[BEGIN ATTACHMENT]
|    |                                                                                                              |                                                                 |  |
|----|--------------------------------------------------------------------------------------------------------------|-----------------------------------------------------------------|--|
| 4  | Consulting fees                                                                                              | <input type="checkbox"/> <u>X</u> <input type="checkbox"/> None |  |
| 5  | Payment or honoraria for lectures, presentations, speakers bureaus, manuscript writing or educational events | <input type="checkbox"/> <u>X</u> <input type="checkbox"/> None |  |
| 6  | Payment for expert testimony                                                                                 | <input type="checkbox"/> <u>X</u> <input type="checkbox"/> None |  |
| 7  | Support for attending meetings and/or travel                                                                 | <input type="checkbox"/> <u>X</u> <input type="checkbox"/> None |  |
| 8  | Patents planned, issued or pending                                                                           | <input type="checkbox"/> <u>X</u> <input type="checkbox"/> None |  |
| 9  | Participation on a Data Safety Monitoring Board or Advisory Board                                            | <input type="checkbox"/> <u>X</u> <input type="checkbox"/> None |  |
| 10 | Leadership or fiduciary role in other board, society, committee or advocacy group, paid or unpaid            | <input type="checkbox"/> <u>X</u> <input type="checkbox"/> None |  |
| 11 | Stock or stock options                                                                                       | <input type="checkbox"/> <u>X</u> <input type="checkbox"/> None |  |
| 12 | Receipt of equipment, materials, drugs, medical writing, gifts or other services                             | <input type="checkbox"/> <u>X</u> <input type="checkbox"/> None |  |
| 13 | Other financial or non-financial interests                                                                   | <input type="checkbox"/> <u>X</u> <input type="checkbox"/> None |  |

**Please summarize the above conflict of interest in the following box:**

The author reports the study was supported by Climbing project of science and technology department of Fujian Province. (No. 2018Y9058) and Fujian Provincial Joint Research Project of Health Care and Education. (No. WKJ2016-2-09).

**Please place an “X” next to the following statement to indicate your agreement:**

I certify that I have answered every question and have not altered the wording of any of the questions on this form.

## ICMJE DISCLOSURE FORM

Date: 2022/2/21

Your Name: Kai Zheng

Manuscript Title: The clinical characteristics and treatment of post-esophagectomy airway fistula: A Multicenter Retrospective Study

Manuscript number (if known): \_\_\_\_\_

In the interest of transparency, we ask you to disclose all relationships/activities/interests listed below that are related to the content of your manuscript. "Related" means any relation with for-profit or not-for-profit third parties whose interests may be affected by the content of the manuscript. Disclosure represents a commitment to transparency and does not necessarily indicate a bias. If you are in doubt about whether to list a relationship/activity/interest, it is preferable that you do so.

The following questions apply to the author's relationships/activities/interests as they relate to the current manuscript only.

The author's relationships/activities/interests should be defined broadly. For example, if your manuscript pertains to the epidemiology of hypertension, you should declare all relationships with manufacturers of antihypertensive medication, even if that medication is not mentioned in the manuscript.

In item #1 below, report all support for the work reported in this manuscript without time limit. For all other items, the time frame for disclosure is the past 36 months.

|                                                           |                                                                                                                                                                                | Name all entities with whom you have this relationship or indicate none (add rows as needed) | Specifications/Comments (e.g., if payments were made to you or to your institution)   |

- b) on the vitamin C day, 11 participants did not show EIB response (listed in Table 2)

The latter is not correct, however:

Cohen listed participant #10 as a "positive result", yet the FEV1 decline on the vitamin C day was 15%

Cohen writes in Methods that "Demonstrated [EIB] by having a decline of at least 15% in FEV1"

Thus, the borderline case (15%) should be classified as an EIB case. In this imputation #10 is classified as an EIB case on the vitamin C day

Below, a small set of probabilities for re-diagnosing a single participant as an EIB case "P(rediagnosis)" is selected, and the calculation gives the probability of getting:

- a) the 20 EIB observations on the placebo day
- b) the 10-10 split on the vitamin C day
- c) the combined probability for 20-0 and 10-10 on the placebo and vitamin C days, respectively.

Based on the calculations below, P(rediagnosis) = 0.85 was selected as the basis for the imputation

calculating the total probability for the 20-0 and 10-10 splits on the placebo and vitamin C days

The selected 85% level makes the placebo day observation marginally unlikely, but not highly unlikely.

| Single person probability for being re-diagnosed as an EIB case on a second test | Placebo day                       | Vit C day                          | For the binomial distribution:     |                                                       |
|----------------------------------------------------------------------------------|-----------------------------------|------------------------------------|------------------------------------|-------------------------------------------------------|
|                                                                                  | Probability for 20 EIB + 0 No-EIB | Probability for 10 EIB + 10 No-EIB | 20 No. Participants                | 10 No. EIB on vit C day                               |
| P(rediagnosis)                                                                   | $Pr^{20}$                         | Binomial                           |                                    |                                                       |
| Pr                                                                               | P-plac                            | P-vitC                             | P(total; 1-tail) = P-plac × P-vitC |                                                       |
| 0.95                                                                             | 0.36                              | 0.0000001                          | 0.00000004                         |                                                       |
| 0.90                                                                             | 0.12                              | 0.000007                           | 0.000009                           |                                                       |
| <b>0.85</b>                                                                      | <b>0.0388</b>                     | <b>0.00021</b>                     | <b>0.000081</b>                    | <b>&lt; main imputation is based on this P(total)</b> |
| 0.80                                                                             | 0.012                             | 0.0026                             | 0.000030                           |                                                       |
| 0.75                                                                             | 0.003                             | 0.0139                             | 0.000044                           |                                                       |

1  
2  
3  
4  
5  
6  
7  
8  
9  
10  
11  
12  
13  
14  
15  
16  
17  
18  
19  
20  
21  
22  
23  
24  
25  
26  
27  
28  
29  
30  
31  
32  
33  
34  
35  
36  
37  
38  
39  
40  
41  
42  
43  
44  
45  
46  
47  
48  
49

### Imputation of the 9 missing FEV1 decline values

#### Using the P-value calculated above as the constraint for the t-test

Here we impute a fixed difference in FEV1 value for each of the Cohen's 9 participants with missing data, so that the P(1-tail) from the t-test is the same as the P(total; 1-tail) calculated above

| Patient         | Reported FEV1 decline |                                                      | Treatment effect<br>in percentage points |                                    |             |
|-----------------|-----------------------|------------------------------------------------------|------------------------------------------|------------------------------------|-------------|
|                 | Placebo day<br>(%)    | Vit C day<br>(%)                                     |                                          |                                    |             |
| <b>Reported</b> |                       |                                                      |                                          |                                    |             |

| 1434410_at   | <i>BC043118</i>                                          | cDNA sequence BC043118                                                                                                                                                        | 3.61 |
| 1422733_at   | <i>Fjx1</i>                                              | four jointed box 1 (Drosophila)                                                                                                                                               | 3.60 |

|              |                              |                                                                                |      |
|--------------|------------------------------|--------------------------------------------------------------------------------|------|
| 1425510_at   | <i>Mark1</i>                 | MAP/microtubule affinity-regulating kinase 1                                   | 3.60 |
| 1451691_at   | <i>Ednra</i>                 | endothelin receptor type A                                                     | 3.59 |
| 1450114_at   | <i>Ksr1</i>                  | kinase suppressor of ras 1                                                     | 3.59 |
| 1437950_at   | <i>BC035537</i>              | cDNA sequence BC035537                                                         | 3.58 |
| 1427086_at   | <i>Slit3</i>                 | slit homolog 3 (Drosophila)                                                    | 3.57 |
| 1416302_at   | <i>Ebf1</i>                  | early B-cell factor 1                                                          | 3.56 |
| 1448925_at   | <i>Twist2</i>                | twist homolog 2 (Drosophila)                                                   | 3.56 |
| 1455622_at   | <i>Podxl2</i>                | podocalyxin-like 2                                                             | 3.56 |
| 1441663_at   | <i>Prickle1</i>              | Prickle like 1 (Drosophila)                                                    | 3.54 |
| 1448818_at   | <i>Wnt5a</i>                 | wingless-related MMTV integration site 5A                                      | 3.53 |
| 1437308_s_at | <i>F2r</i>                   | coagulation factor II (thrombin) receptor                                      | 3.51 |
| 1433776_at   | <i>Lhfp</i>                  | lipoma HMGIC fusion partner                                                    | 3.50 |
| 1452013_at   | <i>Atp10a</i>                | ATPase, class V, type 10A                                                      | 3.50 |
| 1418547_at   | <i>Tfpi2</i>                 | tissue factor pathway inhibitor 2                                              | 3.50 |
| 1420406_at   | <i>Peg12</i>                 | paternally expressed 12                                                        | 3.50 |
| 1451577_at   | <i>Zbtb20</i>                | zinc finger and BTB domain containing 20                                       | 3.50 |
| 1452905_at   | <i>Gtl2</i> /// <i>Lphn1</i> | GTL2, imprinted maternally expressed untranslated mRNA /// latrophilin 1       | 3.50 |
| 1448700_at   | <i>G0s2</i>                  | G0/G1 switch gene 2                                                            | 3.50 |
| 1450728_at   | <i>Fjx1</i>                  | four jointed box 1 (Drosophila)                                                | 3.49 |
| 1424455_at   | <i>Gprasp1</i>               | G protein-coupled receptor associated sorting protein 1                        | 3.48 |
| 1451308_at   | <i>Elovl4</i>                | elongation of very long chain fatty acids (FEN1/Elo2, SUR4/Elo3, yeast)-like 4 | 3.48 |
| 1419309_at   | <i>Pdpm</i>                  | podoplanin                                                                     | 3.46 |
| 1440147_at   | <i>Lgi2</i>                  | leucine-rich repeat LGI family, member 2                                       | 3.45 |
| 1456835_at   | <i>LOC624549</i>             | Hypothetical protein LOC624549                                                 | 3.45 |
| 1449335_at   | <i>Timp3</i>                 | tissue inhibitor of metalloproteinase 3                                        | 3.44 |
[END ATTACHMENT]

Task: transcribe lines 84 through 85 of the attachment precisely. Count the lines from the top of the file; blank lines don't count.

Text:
36  
37  